Today, in the US, it is Election Day.
We anticipate with great trepidation to see who will govern this country in the next four years. The year has been a particularly stressful one, one in which the importance of who leads has become all too apparent.
This year we also celebrate the 80th anniversary of Charlie Chaplin’s highest grossing film, The Great Dictator. It was directed, produced, scored by, and starred Charlie Chaplin. It would be his first true “talkie.” Chaplin played a dual role in this cracked version of the The Prince and The Pauper: an evil dictator named Adenoid Hnkel and the persecuted Jewish barber.
Chaplin has been inspired to make this film while watching Leni Riefenstahl’s Triumph of the Will, which he found uproariously funny. Thus became a grand tradition continuing with Mel Brooks and Jerry Zucker and Quentin Tarantino and continuing even to this day with Jojo Rabbit: transforming Hitler from a figure to be feared or legitimized into history’s clown.
Both Hitler and Chaplin being famous for that tiny mustache helped out a lot.
It should be noted that the movie came out over a year before the US would officially enter WWII. Germany and the US were technically at peace. Yet the situation in Europe was becoming more and more apparent. Chaplin had based the situation on stories he heard from his Jewish friends who were suffering persecution in Europe. He didn’t know about the true extent of the concentration camps though. Later in life he recalled that if he had known about the camps, he probably would not have made the film.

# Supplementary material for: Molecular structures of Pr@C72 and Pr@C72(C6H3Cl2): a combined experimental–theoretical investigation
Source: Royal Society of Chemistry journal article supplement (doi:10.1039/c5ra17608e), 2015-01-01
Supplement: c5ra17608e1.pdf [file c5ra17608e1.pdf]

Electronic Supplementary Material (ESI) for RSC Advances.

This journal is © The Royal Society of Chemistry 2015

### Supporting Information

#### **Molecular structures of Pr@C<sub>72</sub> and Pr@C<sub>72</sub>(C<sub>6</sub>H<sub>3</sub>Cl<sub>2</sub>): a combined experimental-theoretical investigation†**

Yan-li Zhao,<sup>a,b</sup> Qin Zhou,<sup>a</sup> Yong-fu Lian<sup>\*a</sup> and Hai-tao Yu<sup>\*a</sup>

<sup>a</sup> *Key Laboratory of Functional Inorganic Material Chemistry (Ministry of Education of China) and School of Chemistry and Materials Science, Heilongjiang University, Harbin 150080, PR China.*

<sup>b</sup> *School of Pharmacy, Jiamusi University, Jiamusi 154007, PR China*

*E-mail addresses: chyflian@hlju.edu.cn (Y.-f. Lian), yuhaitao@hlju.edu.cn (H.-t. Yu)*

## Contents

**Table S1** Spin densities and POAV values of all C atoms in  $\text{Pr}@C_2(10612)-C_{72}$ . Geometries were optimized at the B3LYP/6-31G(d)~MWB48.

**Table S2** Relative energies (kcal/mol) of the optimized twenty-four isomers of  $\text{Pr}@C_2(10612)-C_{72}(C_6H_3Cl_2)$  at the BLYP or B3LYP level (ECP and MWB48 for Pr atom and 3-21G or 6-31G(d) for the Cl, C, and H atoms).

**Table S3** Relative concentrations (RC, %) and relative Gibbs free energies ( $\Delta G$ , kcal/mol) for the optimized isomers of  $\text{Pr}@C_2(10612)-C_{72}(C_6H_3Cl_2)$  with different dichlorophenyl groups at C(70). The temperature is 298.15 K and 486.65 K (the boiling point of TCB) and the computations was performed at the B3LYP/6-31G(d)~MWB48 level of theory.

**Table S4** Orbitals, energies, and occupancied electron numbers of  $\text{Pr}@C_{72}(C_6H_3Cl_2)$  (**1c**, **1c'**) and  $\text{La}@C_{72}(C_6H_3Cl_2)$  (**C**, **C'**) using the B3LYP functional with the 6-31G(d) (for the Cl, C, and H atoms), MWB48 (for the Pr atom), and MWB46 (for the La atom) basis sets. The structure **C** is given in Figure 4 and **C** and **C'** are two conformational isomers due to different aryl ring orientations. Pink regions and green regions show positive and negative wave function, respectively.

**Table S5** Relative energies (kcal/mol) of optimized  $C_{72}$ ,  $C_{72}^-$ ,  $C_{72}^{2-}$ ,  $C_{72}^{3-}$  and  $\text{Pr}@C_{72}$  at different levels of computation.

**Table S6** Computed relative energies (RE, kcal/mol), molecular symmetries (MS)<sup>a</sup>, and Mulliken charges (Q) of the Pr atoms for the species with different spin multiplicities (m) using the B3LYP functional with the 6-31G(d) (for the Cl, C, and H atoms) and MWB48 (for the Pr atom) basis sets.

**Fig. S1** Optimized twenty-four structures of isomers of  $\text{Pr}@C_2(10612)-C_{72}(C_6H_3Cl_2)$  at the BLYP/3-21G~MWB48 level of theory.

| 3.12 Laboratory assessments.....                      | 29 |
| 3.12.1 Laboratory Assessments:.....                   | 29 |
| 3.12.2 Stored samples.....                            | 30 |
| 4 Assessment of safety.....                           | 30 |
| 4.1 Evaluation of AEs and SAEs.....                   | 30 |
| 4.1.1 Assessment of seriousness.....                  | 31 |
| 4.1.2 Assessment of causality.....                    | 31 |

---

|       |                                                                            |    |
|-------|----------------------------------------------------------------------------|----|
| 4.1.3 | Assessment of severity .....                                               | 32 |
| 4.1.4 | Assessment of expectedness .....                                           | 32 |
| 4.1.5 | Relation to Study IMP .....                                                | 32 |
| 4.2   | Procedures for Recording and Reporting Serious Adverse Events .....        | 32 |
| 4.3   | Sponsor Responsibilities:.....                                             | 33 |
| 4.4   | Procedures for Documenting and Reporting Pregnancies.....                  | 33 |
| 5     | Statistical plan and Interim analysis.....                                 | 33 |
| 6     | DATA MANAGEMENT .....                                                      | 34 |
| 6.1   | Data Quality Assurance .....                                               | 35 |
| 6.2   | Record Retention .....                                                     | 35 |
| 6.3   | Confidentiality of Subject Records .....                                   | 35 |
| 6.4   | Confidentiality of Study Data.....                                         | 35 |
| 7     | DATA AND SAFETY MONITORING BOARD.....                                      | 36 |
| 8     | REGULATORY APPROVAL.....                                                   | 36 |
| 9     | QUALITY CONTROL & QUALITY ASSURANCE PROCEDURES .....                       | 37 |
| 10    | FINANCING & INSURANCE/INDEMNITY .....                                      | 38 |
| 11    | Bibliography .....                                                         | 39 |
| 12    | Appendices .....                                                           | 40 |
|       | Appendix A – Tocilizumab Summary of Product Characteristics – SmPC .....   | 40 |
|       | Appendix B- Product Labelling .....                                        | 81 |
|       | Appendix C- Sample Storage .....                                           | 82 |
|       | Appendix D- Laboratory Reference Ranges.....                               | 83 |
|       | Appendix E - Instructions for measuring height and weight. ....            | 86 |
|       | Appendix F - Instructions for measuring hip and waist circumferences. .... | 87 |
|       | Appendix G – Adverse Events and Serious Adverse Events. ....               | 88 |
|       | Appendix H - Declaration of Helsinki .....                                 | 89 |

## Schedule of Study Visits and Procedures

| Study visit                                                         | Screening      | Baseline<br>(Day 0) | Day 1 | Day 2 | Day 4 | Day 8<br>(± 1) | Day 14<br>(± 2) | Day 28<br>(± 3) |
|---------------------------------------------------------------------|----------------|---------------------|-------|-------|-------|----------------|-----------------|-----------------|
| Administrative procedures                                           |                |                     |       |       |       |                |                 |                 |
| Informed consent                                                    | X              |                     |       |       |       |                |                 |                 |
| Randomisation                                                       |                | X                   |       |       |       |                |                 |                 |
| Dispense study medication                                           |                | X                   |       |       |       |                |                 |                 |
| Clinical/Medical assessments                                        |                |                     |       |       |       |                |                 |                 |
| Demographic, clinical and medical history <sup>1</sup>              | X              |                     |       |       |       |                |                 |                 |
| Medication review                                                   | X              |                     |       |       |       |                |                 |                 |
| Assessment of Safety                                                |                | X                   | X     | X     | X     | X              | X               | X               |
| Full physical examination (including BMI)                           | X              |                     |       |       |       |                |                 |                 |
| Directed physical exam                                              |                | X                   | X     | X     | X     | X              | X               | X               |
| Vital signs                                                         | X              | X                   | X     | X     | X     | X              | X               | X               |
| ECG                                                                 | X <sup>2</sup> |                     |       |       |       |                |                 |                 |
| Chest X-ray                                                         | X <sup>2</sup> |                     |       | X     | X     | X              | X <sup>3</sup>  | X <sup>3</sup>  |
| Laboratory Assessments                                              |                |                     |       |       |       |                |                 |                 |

It ends with a message of hope. After imploring everyone — and the audience — to embrace tolerance, Chaplin concludes: ‘The Soul of Man has been given wings, and at last he is beginning to fly. He is flying into the rainbow, into the light of hope, into the future, the glorious future that belings to you, to me, and to all of us.”
Is this a little naive to our modern eyes? Especially after all we’ve gone through in 2020? Perhaps. That But Chaplin was speaking directly to people who had gone through a Great Depression, who were at that time suffering persecution, and who were seeing their very homes bombed every day. If anyone deserved to be cynical, it was the audience in 1940. And The Great Dictator was just what they needed.
Today’s bonus prompt: what is the best political satire in film?
Next week: fictional worlds